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Planning for family members with special needs

Making sure that a loved one with special needs has access to all the opportunities and services necessary for an enriching life can be costly and difficult to coordinate. 

James Miskell, Attorney at Law

For most families, public benefits are a part of the solution. Many public benefit programs (like Supplemental Security Income (SSI) and Medicaid) are only available to people with very limited financial resources.  These programs focus on providing basic needs – medical care, food, and shelter. They often do not provide “extras” like clothing, televisions, computers, cable and internet access, transportation, books, tutoring, travel and education.  If these “extras” are to be available, the family must provide them.  

Because of the expenses that come with caring for a person with special needs, well meaning family members often want to contribute by giving financial gifts directly to the disabled individual. Such a gift, even if given in a will or received through inheritance, could jeopardize benefits by making the special needs person financially overqualified for the programs that provide basics needs. In the past it was believed the best estate planning strategy was to disinherit special needs family members so that a gift through a will or inheritance would not cause disqualification. Disinheritance is an outdated and incorrect approach; although it may preserve benefits, it leaves no way to provide the things that elevate mere existence to living a rich life. If disinheritance is not the answer, what is?

A special needs trust (SNT) can hold assets on behalf of a disabled person without affecting their ability to receive benefits. SNTs are often referred to as Supplemental Needs Trusts because their purpose is to supplement the services and funding available through public benefit programs, but not to replace them.  Use of assets in the trust to purchase or replace items or services made available through programs with eligibility requirements, (referred to as  means-tested programs) can cause a reduction or total loss of benefits; therefore, the use of SNT funds are strictly regulated. Once created, SNTs can safely receive gifts from friends and family alike, without risking a carefully developed benefit plan.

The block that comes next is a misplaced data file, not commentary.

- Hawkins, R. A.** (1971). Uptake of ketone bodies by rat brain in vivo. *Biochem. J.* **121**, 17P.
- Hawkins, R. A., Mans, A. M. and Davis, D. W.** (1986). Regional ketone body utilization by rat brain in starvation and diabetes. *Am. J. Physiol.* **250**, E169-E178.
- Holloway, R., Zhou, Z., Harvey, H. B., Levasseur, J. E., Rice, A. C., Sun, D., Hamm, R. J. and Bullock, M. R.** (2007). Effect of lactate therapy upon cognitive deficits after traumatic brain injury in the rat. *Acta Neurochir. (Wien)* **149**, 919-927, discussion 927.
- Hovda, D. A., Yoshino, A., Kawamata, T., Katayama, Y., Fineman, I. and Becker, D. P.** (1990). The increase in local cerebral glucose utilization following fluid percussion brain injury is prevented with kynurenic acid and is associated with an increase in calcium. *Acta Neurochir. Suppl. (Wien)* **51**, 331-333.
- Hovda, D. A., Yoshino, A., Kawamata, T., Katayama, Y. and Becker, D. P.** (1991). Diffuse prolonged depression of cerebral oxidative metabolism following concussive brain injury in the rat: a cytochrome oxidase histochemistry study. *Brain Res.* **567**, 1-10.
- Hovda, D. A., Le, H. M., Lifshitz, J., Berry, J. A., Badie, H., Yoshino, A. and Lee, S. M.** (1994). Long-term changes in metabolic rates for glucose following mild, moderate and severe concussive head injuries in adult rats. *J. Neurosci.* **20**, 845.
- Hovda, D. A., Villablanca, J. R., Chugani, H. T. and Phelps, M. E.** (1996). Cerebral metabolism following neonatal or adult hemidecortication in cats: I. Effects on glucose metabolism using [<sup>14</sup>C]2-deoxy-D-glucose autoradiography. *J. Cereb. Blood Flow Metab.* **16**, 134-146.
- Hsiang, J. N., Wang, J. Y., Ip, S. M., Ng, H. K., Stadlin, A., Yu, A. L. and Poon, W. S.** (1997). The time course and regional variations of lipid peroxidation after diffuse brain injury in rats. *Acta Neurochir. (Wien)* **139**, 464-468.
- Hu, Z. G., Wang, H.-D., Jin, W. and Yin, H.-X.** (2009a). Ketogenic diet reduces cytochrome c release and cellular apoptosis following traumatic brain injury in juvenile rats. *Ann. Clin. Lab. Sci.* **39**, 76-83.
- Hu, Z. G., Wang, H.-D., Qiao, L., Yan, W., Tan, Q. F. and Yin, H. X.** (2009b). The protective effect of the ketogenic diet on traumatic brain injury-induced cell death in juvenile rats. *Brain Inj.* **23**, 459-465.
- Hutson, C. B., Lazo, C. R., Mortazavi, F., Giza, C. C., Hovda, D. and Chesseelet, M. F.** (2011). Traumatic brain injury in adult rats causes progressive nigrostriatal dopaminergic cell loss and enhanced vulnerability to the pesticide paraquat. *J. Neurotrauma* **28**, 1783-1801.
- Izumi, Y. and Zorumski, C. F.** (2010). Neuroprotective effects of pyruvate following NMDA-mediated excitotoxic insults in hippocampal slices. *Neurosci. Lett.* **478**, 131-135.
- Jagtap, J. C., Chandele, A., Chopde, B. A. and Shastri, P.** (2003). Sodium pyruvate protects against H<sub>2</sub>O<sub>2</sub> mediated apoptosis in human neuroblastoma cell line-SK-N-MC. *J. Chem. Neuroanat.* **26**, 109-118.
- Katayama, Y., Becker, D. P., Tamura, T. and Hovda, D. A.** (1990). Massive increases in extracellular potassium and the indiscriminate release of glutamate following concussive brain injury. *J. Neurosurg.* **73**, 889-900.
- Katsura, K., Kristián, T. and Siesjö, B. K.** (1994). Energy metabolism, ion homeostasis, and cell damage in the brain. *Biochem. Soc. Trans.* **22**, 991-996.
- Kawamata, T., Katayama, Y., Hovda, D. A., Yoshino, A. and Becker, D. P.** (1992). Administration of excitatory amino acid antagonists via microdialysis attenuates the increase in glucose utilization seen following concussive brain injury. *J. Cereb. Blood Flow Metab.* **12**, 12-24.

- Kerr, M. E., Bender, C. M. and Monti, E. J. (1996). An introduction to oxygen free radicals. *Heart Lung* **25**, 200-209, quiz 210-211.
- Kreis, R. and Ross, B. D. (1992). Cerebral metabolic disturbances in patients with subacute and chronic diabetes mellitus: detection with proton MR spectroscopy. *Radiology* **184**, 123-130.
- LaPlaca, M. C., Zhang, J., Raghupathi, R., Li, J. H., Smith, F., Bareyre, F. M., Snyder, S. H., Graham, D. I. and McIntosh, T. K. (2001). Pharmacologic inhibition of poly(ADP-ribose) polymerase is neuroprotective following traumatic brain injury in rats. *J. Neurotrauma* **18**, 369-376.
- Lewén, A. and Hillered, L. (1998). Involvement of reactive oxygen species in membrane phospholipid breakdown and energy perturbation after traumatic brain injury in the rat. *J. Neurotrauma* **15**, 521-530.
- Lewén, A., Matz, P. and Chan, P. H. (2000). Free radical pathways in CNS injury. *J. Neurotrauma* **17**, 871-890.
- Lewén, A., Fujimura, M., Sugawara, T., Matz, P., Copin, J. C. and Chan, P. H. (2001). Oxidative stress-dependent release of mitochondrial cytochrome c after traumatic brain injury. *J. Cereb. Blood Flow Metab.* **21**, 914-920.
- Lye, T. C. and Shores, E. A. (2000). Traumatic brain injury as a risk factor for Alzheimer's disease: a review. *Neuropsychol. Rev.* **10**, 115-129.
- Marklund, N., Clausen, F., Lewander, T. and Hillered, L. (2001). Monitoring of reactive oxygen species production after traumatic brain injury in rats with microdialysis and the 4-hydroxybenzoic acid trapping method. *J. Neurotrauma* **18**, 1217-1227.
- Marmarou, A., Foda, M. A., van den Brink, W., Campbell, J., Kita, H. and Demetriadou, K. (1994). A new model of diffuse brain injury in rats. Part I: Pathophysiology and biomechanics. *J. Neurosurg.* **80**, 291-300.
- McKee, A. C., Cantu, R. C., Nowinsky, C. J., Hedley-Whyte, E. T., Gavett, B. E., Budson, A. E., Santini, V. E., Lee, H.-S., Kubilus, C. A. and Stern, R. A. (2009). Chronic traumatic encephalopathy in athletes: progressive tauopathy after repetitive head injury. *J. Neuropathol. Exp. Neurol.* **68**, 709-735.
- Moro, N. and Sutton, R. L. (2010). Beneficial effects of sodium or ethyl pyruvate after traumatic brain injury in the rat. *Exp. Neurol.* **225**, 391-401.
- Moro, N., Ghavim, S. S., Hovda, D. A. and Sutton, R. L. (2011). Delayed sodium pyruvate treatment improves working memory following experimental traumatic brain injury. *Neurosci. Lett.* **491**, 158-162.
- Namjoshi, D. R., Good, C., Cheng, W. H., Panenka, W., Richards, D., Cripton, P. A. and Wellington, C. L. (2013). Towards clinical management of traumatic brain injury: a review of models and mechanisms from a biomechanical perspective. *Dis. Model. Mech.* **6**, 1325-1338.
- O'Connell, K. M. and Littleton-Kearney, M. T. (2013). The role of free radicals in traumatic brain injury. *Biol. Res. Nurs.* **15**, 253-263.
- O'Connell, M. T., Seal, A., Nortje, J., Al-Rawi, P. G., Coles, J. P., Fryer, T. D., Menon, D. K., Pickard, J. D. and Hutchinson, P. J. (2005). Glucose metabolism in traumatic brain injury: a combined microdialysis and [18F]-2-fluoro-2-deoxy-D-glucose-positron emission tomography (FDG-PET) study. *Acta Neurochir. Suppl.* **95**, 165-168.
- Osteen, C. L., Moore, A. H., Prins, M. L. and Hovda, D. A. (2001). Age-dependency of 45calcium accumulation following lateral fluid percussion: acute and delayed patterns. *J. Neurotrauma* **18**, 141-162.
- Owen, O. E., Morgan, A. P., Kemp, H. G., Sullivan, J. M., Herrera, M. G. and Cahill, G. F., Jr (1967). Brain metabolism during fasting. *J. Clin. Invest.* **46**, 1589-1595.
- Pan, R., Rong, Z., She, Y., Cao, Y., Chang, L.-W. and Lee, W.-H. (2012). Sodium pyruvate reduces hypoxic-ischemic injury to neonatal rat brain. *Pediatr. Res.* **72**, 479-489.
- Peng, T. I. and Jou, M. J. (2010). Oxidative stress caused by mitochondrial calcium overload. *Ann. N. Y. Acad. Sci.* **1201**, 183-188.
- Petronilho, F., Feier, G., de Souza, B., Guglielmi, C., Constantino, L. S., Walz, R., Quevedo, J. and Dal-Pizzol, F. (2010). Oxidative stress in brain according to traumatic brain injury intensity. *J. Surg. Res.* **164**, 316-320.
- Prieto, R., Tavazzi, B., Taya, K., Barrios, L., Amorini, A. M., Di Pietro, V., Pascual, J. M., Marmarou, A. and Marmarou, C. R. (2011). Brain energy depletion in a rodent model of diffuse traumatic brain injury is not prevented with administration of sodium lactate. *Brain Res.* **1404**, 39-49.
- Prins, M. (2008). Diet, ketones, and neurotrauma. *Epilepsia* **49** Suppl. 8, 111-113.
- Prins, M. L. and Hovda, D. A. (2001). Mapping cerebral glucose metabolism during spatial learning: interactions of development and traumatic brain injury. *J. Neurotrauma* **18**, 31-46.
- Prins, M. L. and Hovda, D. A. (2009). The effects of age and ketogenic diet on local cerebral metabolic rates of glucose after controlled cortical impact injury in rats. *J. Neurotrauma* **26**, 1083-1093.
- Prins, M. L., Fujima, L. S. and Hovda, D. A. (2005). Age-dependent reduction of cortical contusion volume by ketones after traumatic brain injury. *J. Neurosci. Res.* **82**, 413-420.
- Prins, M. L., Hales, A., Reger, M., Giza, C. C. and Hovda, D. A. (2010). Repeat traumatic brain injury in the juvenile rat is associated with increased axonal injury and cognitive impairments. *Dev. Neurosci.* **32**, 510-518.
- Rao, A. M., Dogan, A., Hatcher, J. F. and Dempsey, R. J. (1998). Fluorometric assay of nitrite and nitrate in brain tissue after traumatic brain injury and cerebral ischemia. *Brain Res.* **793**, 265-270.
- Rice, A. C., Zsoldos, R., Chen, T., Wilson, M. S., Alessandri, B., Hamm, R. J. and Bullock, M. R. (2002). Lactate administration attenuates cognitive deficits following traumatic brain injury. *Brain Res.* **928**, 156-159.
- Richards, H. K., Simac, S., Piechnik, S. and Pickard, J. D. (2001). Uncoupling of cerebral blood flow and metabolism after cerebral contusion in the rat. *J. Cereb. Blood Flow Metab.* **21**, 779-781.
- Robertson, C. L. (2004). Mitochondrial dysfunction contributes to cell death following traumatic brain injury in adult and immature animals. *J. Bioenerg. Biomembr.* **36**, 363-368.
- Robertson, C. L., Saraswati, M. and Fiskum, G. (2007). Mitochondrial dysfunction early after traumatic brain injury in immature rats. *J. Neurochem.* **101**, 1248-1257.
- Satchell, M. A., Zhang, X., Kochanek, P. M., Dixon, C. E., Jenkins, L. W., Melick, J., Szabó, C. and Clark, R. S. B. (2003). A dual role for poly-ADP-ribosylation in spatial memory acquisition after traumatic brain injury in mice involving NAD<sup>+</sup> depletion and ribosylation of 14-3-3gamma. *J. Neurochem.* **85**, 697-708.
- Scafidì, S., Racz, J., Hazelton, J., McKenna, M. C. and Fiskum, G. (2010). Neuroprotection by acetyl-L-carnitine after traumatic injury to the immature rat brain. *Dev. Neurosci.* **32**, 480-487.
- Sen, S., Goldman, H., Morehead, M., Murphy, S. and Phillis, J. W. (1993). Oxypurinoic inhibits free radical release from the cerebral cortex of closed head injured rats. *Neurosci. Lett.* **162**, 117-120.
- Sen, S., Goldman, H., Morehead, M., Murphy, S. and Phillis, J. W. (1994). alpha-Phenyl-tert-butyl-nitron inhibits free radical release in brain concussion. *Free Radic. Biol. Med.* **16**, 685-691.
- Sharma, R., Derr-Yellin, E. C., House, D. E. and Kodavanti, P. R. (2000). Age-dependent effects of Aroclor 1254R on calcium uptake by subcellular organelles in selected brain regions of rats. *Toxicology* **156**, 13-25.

In most cases, one or more SNTs will serve as the foundation of an effective plan designed to maximize options available for those with disabilities. Families of modest means, and those of great wealth, can use SNT planning to great advantage as part of their overall estate plan. The planning includes choosing the right trustee, determining whether a guardian will need to be appointed, knowing whether to use a first or a third party SNT, coordinating the planning with public benefits, and determining how much to leave to a special needs beneficiary. Friends and family need to be informed so that their well intended gifts can be safely routed to the SNT to prevent unintentional loss of benefits to the disabled family member.

Securing the future of loved ones with disabilities is not easy. It requires the assistance of a team of professionals with the expertise to address all aspects of the individual’s current and future care. An essential member of this expert team should be an attorney who specializes in the countless issues implicated by the disabling condition of an heir or other intended beneficiary under a family’s estate plan.  In the end, that’s not just peace of mind now, but the assurance of a happy life for your loved ones who cannot take care of themselves.

James M. Miskell received his law degree from the University of Georgia in 1993. His Asset Protection and Estate Planning Law practice is located in Lawrenceville, Georgia. He offers free educational workshops and consultations to assist clients as well as fellow professionals in creating individualized solutions.

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